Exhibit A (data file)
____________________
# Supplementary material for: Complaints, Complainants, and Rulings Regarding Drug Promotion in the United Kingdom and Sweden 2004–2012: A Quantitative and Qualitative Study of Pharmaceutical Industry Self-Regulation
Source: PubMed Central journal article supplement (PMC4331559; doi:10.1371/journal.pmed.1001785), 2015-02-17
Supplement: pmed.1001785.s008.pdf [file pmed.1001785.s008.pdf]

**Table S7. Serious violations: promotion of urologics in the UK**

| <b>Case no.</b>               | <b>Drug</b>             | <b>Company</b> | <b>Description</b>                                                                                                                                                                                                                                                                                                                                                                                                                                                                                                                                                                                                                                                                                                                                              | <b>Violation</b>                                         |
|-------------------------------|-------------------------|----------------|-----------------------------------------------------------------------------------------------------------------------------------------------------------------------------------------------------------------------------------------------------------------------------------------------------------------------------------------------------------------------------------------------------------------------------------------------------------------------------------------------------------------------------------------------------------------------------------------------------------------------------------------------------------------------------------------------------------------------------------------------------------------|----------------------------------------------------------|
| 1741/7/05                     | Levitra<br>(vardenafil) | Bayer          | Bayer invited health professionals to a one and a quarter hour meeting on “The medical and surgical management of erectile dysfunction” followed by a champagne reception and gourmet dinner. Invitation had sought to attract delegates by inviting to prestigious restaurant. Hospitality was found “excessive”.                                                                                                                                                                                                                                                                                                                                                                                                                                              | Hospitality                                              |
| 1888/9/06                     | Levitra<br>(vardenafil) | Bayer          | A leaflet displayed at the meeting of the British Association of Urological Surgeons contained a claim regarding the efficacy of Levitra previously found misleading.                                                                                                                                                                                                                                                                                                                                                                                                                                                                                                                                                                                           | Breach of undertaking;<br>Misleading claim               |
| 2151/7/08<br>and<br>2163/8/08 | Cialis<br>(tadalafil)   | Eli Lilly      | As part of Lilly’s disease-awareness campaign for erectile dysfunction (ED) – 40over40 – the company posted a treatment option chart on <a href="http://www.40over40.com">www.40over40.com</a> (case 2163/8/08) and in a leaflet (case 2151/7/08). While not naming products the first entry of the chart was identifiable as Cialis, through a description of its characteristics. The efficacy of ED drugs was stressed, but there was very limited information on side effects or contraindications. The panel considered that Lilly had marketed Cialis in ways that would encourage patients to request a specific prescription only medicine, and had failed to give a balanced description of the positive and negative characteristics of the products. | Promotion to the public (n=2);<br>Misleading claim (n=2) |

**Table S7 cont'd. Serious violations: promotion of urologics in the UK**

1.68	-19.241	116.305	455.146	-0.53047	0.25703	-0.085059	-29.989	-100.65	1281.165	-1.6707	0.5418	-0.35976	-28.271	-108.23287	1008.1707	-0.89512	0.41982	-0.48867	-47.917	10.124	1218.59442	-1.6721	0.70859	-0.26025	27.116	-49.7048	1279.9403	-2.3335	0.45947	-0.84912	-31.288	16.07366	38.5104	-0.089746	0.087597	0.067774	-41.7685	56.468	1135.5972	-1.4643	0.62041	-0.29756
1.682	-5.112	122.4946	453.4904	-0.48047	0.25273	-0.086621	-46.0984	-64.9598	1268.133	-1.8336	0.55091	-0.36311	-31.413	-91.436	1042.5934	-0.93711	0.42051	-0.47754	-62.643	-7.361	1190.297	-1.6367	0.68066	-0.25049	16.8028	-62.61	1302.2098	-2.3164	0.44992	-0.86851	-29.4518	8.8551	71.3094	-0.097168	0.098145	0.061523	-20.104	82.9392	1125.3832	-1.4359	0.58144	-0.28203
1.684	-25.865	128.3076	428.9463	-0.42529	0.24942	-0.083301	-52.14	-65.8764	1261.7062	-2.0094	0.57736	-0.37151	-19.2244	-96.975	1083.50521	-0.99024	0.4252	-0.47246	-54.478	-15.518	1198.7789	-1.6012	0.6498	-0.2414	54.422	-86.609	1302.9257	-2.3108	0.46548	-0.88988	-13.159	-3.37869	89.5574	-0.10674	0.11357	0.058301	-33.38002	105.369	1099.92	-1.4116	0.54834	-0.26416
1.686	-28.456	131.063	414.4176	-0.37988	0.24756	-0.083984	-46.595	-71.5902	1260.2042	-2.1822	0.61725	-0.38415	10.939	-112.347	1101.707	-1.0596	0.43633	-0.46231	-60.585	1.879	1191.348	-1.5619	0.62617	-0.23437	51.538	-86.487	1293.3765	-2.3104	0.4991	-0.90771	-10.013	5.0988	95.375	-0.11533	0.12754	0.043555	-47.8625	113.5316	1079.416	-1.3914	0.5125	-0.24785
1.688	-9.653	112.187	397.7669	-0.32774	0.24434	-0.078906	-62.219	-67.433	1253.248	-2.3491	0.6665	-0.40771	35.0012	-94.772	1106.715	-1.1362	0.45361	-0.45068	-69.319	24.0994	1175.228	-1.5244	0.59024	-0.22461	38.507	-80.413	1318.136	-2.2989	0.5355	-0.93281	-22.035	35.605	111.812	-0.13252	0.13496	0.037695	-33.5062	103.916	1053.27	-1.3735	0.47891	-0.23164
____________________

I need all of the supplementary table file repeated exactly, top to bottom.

# Supplementary material for: Complaints, Complainants, and Rulings Regarding Drug Promotion in the United Kingdom and Sweden 2004–2012: A Quantitative and Qualitative Study of Pharmaceutical Industry Self-Regulation
Source: PubMed Central journal article supplement (PMC4331559; doi:10.1371/journal.pmed.1001785), 2015-02-17
Supplement: pmed.1001785.s008.pdf [file pmed.1001785.s008.pdf]

**Table S7. Serious violations: promotion of urologics in the UK**

| <b>Case no.</b>               | <b>Drug</b>             | <b>Company</b> | <b>Description</b>                                                                                                                                                                                                                                                                                                                                                                                                                                                                                                                                                                                                                                                                                                                                              | <b>Violation</b>                                         |
|-------------------------------|-------------------------|----------------|-----------------------------------------------------------------------------------------------------------------------------------------------------------------------------------------------------------------------------------------------------------------------------------------------------------------------------------------------------------------------------------------------------------------------------------------------------------------------------------------------------------------------------------------------------------------------------------------------------------------------------------------------------------------------------------------------------------------------------------------------------------------|----------------------------------------------------------|
| 1741/7/05                     | Levitra<br>(vardenafil) | Bayer          | Bayer invited health professionals to a one and a quarter hour meeting on “The medical and surgical management of erectile dysfunction” followed by a champagne reception and gourmet dinner. Invitation had sought to attract delegates by inviting to prestigious restaurant. Hospitality was found “excessive”.                                                                                                                                                                                                                                                                                                                                                                                                                                              | Hospitality                                              |
| 1888/9/06                     | Levitra<br>(vardenafil) | Bayer          | A leaflet displayed at the meeting of the British Association of Urological Surgeons contained a claim regarding the efficacy of Levitra previously found misleading.                                                                                                                                                                                                                                                                                                                                                                                                                                                                                                                                                                                           | Breach of undertaking;<br>Misleading claim               |
| 2151/7/08<br>and<br>2163/8/08 | Cialis<br>(tadalafil)   | Eli Lilly      | As part of Lilly’s disease-awareness campaign for erectile dysfunction (ED) – 40over40 – the company posted a treatment option chart on <a href="http://www.40over40.com">www.40over40.com</a> (case 2163/8/08) and in a leaflet (case 2151/7/08). While not naming products the first entry of the chart was identifiable as Cialis, through a description of its characteristics. The efficacy of ED drugs was stressed, but there was very limited information on side effects or contraindications. The panel considered that Lilly had marketed Cialis in ways that would encourage patients to request a specific prescription only medicine, and had failed to give a balanced description of the positive and negative characteristics of the products. | Promotion to the public (n=2);<br>Misleading claim (n=2) |

**Table S7 cont'd. Serious violations: promotion of urologics in the UK**

1.68	-19.241	116.305	455.146	-0.53047	0.25703	-0.085059	-29.989	-100.65	1281.165	-1.6707	0.5418	-0.35976	-28.271	-108.23287	1008.1707	-0.89512	0.41982	-0.48867	-47.917	10.124	1218.59442	-1.6721	0.70859	-0.26025	27.116	-49.7048	1279.9403	-2.3335	0.45947	-0.84912	-31.288	16.07366	38.5104	-0.089746	0.087597	0.067774	-41.7685	56.468	1135.5972	-1.4643	0.62041	-0.29756
1.682	-5.112	122.4946	453.4904	-0.48047	0.25273	-0.086621	-46.0984	-64.9598	1268.133	-1.8336	0.55091	-0.36311	-31.413	-91.436	1042.5934	-0.93711	0.42051	-0.47754	-62.643	-7.361	1190.297	-1.6367	0.68066	-0.25049	16.8028	-62.61	1302.2098	-2.3164	0.44992	-0.86851	-29.4518	8.8551	71.3094	-0.097168	0.098145	0.061523	-20.104	82.9392	1125.3832	-1.4359	0.58144	-0.28203
1.684	-25.865	128.3076	428.9463	-0.42529	0.24942	-0.083301	-52.14	-65.8764	1261.7062	-2.0094	0.57736	-0.37151	-19.2244	-96.975	1083.50521	-0.99024	0.4252	-0.47246	-54.478	-15.518	1198.7789	-1.6012	0.6498	-0.2414	54.422	-86.609	1302.9257	-2.3108	0.46548	-0.88988	-13.159	-3.37869	89.5574	-0.10674	0.11357	0.058301	-33.38002	105.369	1099.92	-1.4116	0.54834	-0.26416
1.686	-28.456	131.063	414.4176	-0.37988	0.24756	-0.083984	-46.595	-71.5902	1260.2042	-2.1822	0.61725	-0.38415	10.939	-112.347	1101.707	-1.0596	0.43633	-0.46231	-60.585	1.879	1191.348	-1.5619	0.62617	-0.23437	51.538	-86.487	1293.3765	-2.3104	0.4991	-0.90771	-10.013	5.0988	95.375	-0.11533	0.12754	0.043555	-47.8625	113.5316	1079.416	-1.3914	0.5125	-0.24785
1.688	-9.653	112.187	397.7669	-0.32774	0.24434	-0.078906	-62.219	-67.433	1253.248	-2.3491	0.6665	-0.40771	35.0012	-94.772	1106.715	-1.1362	0.45361	-0.45068	-69.319	24.0994	1175.228	-1.5244	0.59024	-0.22461	38.507	-80.413	1318.136	-2.2989	0.5355	-0.93281	-22.035	35.605	111.812	-0.13252	0.13496	0.037695	-33.5062	103.916	1053.27	-1.3735	0.47891	-0.23164